Fed up with teaching with coursebooks? Looking for something more satisfying? Then why not try TBLT? Below some Q & As, which I hope will convince you that it’s worth the effort.

Q: What’s wrong with coursebooks, anyway?

A: They cut the language up into artificial bits; they concentrate on talking about the language rather than getting students to talk in the language; and they don’t respect SLA research findings about how people learn an L2.

Units 1 and 2 of the course deal with the limitations of coursebooks and with how people learn an L2. .

Q: What is TBLT?

TBLT is based on the principle of learning by doing. Rather than spend most of classroom time talking about the language, TBLT scaffolds students’ efforts to talk IN the language about things that they actually have to do with the L2 in the real world.   While there are “task-supported” versions of TBLT, like those proposed by Nunan (2004); Willis and Willis (2007), and R. Ellis (2003), the only version that really escapes from the clutches of the PPP approach and fully embraces the principle of learning by doing is Mike Long’s version, where a needs analysis identifies real life tasks which the students for whom the course is aimed will have to carry out. Once we’ve identified the “target tasks”, we break them down into a series of pedagogic tasks and find appropriate material to accompany them.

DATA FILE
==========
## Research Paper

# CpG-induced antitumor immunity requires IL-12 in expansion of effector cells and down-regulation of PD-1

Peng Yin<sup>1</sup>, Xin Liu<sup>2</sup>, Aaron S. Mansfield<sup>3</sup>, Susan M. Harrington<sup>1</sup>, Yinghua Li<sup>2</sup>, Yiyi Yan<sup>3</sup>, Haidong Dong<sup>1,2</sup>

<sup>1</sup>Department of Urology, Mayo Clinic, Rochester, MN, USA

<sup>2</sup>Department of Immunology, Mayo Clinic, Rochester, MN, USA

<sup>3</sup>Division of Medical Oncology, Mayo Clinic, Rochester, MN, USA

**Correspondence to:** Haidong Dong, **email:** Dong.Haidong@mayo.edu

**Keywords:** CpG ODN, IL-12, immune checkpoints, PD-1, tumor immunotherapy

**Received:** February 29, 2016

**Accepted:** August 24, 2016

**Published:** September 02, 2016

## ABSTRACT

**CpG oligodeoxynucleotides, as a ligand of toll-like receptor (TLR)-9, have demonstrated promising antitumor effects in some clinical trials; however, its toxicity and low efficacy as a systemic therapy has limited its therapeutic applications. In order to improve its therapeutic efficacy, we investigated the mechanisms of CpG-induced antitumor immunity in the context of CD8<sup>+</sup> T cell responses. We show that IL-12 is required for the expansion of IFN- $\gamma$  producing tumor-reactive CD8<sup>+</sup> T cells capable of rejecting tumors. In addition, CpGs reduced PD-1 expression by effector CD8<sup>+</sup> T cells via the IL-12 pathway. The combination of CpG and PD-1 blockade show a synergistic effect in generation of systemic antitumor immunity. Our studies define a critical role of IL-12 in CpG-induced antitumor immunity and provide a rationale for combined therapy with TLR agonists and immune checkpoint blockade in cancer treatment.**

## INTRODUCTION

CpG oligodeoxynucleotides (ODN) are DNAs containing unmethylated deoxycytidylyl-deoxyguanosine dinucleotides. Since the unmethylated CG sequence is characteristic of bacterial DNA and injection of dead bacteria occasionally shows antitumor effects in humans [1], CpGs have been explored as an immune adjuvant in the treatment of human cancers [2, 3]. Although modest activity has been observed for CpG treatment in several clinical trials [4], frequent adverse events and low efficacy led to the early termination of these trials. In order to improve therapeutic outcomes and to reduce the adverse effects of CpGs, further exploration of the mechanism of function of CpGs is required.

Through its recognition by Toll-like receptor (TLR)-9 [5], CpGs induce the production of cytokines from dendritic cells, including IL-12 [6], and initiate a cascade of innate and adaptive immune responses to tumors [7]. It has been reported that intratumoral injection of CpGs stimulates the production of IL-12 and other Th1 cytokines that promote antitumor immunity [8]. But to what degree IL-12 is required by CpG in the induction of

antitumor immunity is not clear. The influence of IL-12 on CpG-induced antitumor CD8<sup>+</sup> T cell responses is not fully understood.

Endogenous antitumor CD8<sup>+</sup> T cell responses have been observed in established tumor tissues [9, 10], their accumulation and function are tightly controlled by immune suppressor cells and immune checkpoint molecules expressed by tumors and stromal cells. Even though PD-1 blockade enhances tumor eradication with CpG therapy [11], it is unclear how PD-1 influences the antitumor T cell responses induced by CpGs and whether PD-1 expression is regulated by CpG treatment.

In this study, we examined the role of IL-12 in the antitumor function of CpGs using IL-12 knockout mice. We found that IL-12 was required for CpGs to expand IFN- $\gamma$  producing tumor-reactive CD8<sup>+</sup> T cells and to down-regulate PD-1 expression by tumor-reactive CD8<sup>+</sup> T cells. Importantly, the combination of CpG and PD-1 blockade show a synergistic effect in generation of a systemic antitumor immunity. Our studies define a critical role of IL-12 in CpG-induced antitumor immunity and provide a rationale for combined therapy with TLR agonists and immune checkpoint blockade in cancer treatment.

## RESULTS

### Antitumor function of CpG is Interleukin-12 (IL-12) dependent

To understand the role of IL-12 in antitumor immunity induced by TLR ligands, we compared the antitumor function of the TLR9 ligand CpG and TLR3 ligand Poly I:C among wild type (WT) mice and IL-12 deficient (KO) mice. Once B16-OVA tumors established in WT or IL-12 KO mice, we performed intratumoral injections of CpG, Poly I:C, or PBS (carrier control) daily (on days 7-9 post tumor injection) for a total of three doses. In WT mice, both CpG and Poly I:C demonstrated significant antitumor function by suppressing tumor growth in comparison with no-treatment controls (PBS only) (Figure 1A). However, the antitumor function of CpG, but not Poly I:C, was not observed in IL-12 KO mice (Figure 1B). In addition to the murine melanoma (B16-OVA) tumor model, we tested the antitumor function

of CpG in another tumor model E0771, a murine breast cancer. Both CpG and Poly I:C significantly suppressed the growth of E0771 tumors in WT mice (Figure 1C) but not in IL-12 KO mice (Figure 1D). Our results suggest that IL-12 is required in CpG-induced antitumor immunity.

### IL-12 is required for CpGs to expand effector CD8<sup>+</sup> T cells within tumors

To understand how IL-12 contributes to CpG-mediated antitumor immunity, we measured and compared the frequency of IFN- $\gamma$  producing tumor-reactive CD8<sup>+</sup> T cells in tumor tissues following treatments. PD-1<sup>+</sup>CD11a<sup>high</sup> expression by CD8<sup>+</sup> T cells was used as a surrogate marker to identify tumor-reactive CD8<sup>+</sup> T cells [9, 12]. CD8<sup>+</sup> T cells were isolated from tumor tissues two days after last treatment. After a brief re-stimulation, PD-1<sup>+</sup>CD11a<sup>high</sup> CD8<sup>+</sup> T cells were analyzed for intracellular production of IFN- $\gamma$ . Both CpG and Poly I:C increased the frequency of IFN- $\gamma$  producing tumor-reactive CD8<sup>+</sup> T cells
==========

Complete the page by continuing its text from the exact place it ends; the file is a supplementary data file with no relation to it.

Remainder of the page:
Units 3 and 4 of the course cover these issues.

Q: It sounds too difficult!

A: But it isn’t. It’s simple: instead of presenting and practicing a sequence of grammar structures and vocabulary lists, you lead students through a sequence of tasks and give them help as and when they need it. Examples of such tasks are: giving a sales presentation; taking part in an undergraduate seminar; having a meal in a restaurant; getting and following street instructions; analysing a scientific report; dealing with a police stop in a car; viewing a property for rent; advising a client on an investment package.

OK, but there’s too much work involved!

A: There’s no denying that the needs analysis, materials production, and pedagogic task design involves some front-end heavy lifting, but it pays huge dividends, and this work doesn’t have to be re-done every time a course is offered. In most contexts, including academic, work, and travel contexts, for example – work done this year will be usable next year. As you and your colleagues gain experience of TBLT, your needs analysis process becomes more streamlined, Task Types are more easily identified, and the materials bank grows so as to make the production of Pedagogic tasks much quicker.